Certainly, a portion of the fall-off could also be placed with top laner Voyboy. As legend has it, at his peak in Season 2 his play would singlehandedly get certain champions nerfed into oblivion (Olaf knows). With the shifting meta in Season 3 beginning to lead to a much more passive and tank-oriented top lane, though, Voyboy quite simply was not able to be the top lane carry he had been in seasons past, and on a team with a passive and farm-oriented mid- and ADC-like Nyjacky or Cop, this absence was noticeable.

Edward, though, may have hurt the most. As a veteran of the legendary Moscow 5/Gambit terrorsquads (the Western answer to Korea) Edward was thought to be the superstar needed to push Curse over the top. However, the Edward who showed up in America was not the one who had earned the nickname “The Thresh Prince.” As Armenians go, he was expected to be Serj Tankian and ended up being that one guy at your school who played a few shows at the bar. Most glaring was his lack of warding and vision control as compared to elite supports within the region. All these factors together contributed to Curse falling to the middle of the pack….fourth place.



(Nien crushing TSM’s dreams at MLG Anaheim, Week 6. Image from YouTube.)

In a similar vein, WildTurtle didn’t manage to elevate TSM nearly as much as their run after his debut in spring suggested. Although undoubtedly incredibly skilled mechanically, the inconsistency of his game and tendency to go in too deep became more prevalent during this split. Although he was the only change made from the inaugural TSM LCS roster, the entire team took a solid step back and finished a full 7 games worse than their Spring Split record.

Part of this was certainly due to meta shifts, with the rise of the assassin meta (and especially Zed/Ahri) making Reginald’s favored Twisted Fate and Karthus picks substantially less safe than before. However, another large factor was the shift in the larger strategic meta toward more early aggression and objective control. Historically, TheOddOne was known as a supportive, counterganking jungler who favored champions such as Cho’Gath and Maokai for the tankiness and crowd control they brought to team compositions. However, the later half of Season 3 in North America saw the rise of junglers who favored very aggressive gank/skirmish styles (Xmithie and Crumbzz) or farm-centric carry styles (Meteos). Although tank-oriented junglers were certainly successful still, the required gameplay adjustments were not as apparent until the playoffs, when TSM put up a very strong showing to reach the finals (a loss to Cloud 9).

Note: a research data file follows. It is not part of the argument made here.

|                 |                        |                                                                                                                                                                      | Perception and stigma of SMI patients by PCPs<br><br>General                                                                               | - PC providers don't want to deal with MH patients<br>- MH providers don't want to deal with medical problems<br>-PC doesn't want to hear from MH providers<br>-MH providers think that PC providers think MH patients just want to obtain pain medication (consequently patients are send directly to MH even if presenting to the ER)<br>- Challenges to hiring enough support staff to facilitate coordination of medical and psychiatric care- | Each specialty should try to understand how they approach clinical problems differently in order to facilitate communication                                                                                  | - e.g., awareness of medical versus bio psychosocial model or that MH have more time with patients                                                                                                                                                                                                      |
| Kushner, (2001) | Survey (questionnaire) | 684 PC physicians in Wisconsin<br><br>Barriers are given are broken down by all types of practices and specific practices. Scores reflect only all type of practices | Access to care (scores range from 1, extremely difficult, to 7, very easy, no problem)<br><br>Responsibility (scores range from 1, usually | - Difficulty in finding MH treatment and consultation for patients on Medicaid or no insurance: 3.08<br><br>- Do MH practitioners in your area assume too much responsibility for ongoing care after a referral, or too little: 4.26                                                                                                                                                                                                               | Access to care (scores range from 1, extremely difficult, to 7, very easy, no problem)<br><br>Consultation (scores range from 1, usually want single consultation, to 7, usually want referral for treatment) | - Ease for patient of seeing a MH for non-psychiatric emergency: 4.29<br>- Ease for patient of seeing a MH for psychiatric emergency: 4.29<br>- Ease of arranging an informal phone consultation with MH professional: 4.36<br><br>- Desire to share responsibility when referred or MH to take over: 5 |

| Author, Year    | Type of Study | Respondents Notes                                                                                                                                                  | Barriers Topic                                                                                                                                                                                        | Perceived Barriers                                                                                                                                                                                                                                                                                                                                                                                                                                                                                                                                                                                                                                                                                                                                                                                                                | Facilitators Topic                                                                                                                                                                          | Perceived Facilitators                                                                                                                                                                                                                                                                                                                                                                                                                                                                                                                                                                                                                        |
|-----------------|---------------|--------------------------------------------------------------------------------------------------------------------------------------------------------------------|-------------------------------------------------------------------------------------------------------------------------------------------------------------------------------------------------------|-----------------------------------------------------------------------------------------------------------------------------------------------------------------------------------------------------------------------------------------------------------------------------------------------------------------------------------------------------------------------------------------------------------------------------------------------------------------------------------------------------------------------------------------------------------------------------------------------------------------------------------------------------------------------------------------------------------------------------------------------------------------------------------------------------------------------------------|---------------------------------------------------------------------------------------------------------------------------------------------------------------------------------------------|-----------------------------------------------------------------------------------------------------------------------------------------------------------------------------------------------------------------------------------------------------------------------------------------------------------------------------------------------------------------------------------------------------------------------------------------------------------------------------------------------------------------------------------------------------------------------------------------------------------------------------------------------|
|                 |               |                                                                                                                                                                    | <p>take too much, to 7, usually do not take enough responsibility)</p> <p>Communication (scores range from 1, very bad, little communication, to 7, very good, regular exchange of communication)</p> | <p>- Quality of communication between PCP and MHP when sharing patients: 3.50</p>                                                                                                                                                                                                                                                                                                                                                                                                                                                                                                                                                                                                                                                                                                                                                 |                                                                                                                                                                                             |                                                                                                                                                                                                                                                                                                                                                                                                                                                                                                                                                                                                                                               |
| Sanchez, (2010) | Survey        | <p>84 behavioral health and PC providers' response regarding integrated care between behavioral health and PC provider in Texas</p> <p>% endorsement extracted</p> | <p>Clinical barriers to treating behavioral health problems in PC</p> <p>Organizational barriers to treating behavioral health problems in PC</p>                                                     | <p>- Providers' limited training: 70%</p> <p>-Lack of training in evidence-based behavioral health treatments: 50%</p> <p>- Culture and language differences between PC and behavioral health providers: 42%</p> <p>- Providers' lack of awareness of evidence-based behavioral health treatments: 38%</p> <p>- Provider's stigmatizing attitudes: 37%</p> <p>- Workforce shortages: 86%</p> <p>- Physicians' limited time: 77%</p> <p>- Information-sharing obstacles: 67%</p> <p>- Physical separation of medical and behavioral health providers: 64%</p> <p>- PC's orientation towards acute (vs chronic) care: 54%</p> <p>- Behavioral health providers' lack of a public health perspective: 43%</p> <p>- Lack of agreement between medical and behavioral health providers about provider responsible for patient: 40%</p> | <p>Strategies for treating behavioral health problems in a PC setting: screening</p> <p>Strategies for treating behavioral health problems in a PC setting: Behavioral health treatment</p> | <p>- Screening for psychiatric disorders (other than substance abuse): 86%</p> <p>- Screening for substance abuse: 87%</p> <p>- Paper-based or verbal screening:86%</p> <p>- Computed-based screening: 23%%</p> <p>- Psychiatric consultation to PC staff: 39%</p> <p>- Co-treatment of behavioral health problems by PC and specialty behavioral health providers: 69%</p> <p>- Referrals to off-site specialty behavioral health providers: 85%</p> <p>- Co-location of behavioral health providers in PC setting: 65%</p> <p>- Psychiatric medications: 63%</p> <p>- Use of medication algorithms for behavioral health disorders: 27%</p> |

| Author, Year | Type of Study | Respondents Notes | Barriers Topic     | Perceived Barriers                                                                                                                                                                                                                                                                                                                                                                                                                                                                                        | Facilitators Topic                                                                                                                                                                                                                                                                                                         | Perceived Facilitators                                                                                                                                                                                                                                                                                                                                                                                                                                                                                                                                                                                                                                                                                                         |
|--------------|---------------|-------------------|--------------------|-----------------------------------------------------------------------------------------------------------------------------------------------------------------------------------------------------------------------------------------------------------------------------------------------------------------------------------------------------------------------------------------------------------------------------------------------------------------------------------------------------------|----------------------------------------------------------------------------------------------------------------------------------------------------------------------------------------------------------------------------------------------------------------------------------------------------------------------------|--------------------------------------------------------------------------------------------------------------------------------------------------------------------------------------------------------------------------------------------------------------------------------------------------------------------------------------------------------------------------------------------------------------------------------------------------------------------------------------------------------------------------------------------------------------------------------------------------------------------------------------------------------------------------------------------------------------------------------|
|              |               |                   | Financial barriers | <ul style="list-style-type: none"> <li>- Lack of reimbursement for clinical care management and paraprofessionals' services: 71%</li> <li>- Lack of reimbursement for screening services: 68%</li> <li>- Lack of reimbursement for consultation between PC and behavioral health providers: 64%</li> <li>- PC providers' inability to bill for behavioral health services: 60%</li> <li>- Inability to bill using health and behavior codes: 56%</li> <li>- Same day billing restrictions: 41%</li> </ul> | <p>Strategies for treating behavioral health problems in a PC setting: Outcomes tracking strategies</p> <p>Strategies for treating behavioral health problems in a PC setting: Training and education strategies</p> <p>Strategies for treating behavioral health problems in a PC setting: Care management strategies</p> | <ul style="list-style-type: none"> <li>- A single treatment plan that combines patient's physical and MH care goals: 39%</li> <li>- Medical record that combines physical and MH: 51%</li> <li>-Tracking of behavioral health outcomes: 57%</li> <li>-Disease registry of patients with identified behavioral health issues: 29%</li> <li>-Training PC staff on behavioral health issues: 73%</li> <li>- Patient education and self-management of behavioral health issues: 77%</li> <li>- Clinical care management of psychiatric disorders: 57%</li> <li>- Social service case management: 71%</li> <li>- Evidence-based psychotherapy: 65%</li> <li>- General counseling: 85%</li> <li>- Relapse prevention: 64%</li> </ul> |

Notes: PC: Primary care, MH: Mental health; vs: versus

(Mancloud secures first blood on Korean mid Dade at Worlds. Image taken from VoD)

On the other side of the ledger, very few people expected to see significant results from Team Vulcun. Despite their strong third-place showing in the spring split playoffs, Vulcun were thought to be a mid-tier team at best. Unfortunately for the predictions, with the rise of a meta favoring jungler focus on getting the mid-lane ahead as well as the addition of BloodWater’s talents, Vulcun were primed to shock the LCS. Behind a record-setting number of kills from Mancloud, aggressive and solid play from Zuna, and numerous highlight moments from BloodWater (stealing Baron with a rank 1 Janna tornado among them), Vulcun finished with a 20-8 record in the regular season. Jungler Xmithie in particular took a tremendous leap forward, drawing some favorable comparisons to Samsung Ozone jungler DanDy – who was widely considered the best in the world at that time. In the playoffs, Vulcun fell 2-0 in their semifinal series against TSM before defeating Dignitas 2-0 in the third place match to secure a spot at the Season 3 World Championship.